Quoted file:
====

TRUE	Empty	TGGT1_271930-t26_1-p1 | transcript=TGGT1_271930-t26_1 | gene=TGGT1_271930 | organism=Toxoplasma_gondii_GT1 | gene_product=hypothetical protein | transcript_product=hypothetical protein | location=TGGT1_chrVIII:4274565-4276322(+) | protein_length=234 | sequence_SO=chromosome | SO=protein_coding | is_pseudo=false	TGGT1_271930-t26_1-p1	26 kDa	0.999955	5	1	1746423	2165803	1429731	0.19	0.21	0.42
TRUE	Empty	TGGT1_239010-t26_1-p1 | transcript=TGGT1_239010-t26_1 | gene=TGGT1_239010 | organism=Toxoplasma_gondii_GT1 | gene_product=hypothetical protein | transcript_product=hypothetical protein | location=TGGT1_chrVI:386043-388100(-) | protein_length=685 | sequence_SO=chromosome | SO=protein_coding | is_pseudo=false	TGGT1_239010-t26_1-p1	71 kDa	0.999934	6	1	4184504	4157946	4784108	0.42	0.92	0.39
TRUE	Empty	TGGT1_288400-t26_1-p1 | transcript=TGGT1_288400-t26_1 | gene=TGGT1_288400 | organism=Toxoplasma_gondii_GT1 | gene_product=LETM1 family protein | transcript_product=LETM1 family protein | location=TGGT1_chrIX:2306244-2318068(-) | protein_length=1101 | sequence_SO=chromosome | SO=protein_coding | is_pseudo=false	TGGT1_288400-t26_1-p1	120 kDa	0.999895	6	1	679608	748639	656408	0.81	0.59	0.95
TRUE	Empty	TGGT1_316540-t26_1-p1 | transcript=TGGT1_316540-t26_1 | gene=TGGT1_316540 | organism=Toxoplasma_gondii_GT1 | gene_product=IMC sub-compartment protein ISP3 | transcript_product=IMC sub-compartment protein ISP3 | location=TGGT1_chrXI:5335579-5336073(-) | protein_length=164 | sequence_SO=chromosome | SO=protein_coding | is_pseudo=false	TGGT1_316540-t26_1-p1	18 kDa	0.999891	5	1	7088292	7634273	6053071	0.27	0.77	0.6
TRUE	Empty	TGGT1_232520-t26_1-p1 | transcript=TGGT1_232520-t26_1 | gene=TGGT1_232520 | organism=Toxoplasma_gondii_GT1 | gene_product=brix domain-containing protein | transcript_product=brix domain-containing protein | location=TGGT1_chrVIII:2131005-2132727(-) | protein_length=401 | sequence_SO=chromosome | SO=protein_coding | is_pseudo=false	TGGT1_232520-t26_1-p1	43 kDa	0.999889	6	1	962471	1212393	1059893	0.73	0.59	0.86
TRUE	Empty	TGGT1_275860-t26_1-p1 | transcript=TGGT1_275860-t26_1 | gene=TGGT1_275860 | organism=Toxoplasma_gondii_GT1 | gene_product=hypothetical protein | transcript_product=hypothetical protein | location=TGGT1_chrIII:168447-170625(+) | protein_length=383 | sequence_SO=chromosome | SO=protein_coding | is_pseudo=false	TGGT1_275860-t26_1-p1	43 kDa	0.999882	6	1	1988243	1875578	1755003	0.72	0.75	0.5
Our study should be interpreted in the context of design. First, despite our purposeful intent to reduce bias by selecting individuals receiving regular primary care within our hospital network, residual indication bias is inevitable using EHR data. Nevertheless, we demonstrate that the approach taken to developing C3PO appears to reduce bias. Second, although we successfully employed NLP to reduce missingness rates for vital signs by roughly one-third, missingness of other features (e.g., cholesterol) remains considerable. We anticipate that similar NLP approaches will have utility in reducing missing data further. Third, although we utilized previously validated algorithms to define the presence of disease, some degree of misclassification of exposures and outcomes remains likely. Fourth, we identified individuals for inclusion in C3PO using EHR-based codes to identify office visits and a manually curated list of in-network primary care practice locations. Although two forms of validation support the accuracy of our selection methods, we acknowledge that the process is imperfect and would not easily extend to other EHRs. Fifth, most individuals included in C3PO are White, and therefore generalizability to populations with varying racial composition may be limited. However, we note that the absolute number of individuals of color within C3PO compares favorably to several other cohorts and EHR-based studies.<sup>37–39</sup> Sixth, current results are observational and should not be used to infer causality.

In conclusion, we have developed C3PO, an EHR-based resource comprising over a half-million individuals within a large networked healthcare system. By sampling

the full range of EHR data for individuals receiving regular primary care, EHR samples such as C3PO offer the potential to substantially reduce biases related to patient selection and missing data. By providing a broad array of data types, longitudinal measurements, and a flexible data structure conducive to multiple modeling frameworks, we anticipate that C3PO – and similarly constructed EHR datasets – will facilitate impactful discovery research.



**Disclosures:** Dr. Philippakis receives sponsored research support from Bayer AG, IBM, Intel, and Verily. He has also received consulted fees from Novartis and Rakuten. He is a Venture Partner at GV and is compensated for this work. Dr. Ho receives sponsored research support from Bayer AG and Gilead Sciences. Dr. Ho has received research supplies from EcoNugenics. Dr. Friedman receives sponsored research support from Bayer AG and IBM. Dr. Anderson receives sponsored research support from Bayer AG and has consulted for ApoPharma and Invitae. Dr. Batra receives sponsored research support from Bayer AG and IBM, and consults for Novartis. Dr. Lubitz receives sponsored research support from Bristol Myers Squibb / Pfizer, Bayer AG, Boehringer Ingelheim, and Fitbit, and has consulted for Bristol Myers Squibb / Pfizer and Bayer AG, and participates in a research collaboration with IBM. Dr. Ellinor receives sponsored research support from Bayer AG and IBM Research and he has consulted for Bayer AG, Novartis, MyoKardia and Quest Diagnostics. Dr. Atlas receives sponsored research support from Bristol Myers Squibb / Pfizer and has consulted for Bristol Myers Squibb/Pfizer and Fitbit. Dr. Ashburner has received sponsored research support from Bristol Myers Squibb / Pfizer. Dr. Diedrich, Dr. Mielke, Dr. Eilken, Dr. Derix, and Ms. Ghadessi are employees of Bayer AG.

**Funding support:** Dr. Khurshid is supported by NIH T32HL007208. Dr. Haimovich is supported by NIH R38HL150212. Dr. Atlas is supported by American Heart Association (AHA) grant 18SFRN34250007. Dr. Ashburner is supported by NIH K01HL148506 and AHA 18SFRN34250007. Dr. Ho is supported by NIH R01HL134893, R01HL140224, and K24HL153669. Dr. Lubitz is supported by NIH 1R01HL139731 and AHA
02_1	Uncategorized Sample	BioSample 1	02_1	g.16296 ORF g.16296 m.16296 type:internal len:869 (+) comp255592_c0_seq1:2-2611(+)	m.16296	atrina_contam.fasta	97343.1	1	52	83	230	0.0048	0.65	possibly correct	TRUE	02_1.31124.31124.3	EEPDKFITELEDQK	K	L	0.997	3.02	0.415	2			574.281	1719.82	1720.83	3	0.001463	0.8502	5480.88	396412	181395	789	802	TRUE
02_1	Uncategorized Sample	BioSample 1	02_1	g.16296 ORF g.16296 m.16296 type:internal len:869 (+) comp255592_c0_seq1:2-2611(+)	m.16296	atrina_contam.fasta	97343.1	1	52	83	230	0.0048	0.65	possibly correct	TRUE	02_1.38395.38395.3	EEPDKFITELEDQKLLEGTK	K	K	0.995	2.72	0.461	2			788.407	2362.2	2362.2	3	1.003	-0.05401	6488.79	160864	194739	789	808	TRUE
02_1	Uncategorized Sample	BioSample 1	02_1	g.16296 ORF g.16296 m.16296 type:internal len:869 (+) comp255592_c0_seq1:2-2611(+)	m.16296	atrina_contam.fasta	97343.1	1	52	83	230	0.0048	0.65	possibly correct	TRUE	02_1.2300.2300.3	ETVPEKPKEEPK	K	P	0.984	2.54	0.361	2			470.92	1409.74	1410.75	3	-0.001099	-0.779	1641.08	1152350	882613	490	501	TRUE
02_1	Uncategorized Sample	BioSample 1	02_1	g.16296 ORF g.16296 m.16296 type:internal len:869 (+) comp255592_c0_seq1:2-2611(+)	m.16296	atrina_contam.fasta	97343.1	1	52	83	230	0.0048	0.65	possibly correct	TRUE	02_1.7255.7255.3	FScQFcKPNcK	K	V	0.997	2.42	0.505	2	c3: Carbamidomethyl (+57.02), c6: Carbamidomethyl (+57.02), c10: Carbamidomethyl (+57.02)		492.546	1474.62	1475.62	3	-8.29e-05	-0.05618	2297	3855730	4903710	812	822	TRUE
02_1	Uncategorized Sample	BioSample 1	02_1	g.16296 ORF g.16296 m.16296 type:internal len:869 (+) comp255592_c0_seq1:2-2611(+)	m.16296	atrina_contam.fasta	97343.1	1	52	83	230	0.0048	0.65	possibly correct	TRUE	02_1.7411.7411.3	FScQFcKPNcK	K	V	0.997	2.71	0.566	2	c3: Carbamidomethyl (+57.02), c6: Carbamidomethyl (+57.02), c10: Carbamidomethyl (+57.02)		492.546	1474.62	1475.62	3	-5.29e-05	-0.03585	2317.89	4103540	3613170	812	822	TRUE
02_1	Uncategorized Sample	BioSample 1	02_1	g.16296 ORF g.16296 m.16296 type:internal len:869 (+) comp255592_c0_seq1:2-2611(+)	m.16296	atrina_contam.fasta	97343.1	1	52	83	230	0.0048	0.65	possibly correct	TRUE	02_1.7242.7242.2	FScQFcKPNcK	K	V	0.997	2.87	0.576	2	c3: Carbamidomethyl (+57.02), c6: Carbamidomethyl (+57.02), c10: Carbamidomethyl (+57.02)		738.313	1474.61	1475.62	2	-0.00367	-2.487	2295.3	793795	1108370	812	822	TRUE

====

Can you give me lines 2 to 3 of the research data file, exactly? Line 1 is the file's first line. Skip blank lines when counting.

TRUE	Empty	TGGT1_239010-t26_1-p1 | transcript=TGGT1_239010-t26_1 | gene=TGGT1_239010 | organism=Toxoplasma_gondii_GT1 | gene_product=hypothetical protein | transcript_product=hypothetical protein | location=TGGT1_chrVI:386043-388100(-) | protein_length=685 | sequence_SO=chromosome | SO=protein_coding | is_pseudo=false	TGGT1_239010-t26_1-p1	71 kDa	0.999934	6	1	4184504	4157946	4784108	0.42	0.92	0.39
TRUE	Empty	TGGT1_288400-t26_1-p1 | transcript=TGGT1_288400-t26_1 | gene=TGGT1_288400 | organism=Toxoplasma_gondii_GT1 | gene_product=LETM1 family protein | transcript_product=LETM1 family protein | location=TGGT1_chrIX:2306244-2318068(-) | protein_length=1101 | sequence_SO=chromosome | SO=protein_coding | is_pseudo=false	TGGT1_288400-t26_1-p1	120 kDa	0.999895	6	1	679608	748639	656408	0.81	0.59	0.95